Westminster Abbey A. L. Rowse, George Zarnecki, John Pope-Hennessy, with Prologue by John Betjeman and Epilogue by Kenneth Clark (The Annenberg School Press, with Weidenfeld & Nicolson £10) This is the book which Walter Annenberg, the present American Ambassador in London, has had made. He writes, "In the early months of my tour of service in this country I found Westminster Abbey to be a sanctuary of peace and comfort. . . . It became my overwhelming ambition to honour what to me is a debt of gratitude." This book certainly honours that debt. It is beautifully designed by George Daulby, photoset by BAS Printers Limited, Wallop, Hampshire, and printed—lamentably not in England—in Italy by Amilcare Pizzi. It is a coffee-table book (for a sound coffee-table); and it is Ambassador Annenberg's act of piety; and it is a most handsome production. It might well have been nothing more (and nothing the worse for that) but the Illustrations are finely chosen; and the text, particularly A. L. Rowse's substantial essay on 'The Abbey in the history of the Nation,' lifts it into a different category altogether. It is commemorative, and it does what Annenberg wanted it to do. The great Benedictine abbey, founded by Edward the Confessor, is well-served. I have one quibble. Who edited this large book, who put it together? At the end, under Acknowledgments, it is written "The author and publishers would like to thank . . ." Who is this unknown author? Who did the work, producing this great and handsome work? I can find no sign, no name, of someone to praise. G.S.G.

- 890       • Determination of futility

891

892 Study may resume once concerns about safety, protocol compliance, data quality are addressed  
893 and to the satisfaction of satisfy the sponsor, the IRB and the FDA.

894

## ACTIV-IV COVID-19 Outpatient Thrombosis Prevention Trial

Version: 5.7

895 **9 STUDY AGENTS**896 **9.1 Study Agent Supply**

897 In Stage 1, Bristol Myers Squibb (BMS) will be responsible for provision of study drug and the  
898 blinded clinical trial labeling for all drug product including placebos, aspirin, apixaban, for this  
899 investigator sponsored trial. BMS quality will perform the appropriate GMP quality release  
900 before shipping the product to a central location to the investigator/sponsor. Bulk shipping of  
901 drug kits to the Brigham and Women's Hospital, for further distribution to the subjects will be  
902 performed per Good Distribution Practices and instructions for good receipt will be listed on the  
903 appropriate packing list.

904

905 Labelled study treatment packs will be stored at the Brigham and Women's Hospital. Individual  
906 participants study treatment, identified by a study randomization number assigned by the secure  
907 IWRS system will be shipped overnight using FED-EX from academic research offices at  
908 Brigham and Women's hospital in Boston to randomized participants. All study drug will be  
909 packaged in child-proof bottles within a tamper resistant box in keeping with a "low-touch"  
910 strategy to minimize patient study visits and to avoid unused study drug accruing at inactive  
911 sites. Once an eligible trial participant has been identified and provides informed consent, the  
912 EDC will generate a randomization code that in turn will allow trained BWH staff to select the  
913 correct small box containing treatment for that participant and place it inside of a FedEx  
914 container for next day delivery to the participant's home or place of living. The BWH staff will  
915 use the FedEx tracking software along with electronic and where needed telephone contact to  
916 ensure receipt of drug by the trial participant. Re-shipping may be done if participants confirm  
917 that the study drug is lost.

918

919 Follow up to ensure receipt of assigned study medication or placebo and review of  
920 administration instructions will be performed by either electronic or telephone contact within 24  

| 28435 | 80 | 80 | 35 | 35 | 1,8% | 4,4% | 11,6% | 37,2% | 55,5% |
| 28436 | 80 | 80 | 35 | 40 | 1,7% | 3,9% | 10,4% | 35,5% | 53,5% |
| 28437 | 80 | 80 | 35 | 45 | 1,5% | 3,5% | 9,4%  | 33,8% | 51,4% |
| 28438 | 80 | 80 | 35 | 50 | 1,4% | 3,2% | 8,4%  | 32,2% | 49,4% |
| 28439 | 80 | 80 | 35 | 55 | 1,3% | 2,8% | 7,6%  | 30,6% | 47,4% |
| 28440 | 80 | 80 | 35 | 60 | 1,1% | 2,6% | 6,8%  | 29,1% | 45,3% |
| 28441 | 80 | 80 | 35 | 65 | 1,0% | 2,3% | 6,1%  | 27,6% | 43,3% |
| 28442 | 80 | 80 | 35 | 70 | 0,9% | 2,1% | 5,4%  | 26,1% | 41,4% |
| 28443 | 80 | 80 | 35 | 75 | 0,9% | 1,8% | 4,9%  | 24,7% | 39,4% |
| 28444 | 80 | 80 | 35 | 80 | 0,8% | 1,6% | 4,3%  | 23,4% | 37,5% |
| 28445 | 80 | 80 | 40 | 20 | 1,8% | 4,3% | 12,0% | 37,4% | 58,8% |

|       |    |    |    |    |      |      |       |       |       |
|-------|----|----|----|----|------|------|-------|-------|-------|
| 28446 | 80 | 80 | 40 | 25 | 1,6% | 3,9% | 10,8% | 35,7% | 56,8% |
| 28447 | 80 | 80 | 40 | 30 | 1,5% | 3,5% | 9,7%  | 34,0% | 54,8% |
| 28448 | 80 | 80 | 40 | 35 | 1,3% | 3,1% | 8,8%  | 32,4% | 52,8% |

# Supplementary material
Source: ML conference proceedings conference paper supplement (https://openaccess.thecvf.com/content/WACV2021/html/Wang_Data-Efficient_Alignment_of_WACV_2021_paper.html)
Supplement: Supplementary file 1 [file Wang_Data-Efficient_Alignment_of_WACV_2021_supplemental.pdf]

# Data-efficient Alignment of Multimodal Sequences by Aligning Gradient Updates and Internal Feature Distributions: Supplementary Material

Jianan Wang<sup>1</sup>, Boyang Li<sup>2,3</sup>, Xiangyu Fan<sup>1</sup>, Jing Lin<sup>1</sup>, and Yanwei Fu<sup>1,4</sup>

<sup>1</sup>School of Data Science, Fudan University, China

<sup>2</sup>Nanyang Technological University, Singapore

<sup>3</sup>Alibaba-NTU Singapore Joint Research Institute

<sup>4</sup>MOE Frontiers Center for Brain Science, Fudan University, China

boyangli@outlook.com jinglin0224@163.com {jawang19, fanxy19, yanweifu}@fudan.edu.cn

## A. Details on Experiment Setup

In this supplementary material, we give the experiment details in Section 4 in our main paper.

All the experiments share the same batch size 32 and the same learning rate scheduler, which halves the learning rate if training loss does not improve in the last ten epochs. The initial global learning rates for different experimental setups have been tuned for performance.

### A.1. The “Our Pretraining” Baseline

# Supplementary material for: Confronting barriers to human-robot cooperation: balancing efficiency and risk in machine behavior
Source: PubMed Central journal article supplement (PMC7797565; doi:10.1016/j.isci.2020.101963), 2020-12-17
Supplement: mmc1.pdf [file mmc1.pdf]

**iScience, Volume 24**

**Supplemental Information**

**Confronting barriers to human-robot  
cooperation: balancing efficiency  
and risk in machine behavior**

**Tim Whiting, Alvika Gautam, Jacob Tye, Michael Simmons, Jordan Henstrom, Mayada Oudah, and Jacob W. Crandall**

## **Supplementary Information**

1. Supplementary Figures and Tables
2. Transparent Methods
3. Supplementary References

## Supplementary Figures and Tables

The Mediterranean Richard Carrington (Weidenfeld and Nicolson 3.75) Not to be confused, of course, with Fernand Braudel's epic work of sixteenth-century history; nor, either, with any of the holiday-makers' guides that doubtless share the same succinct title, though Richard Carrington's book is, in a sense, an extension of this latter category. Mr Carrington explores the ancient world historically, geographically, geologically, zoologically, only to illuminate its visible remains in the modern world. His evocations are loving but light. This is a sort of " mid-way " book (beautifully and lavishly illustrated; Ithaca, home of Ulysses pictured on the front of the dustjacket, the ruins of Leptis Magna on the back), to be read ideally after a first visit to the scenes of the old Roman and Greek civilisations and before returning with a mind prepared and open to further inquiry. K.H.
Shiva's Pigeons Jon and Rumer Godden (Chatto and Windus £5). The Godden sisters and Stella Snead the photographer pool their considerable knowledge of India to produce a beautiful and profoundly informative series of reflections upon the Indian people, their customs and the land they live in, interpreted within the framework of the Hindu religion. An outstandingly good introduction to the sub-continent for some; -for others a fascinating reminder. C.H.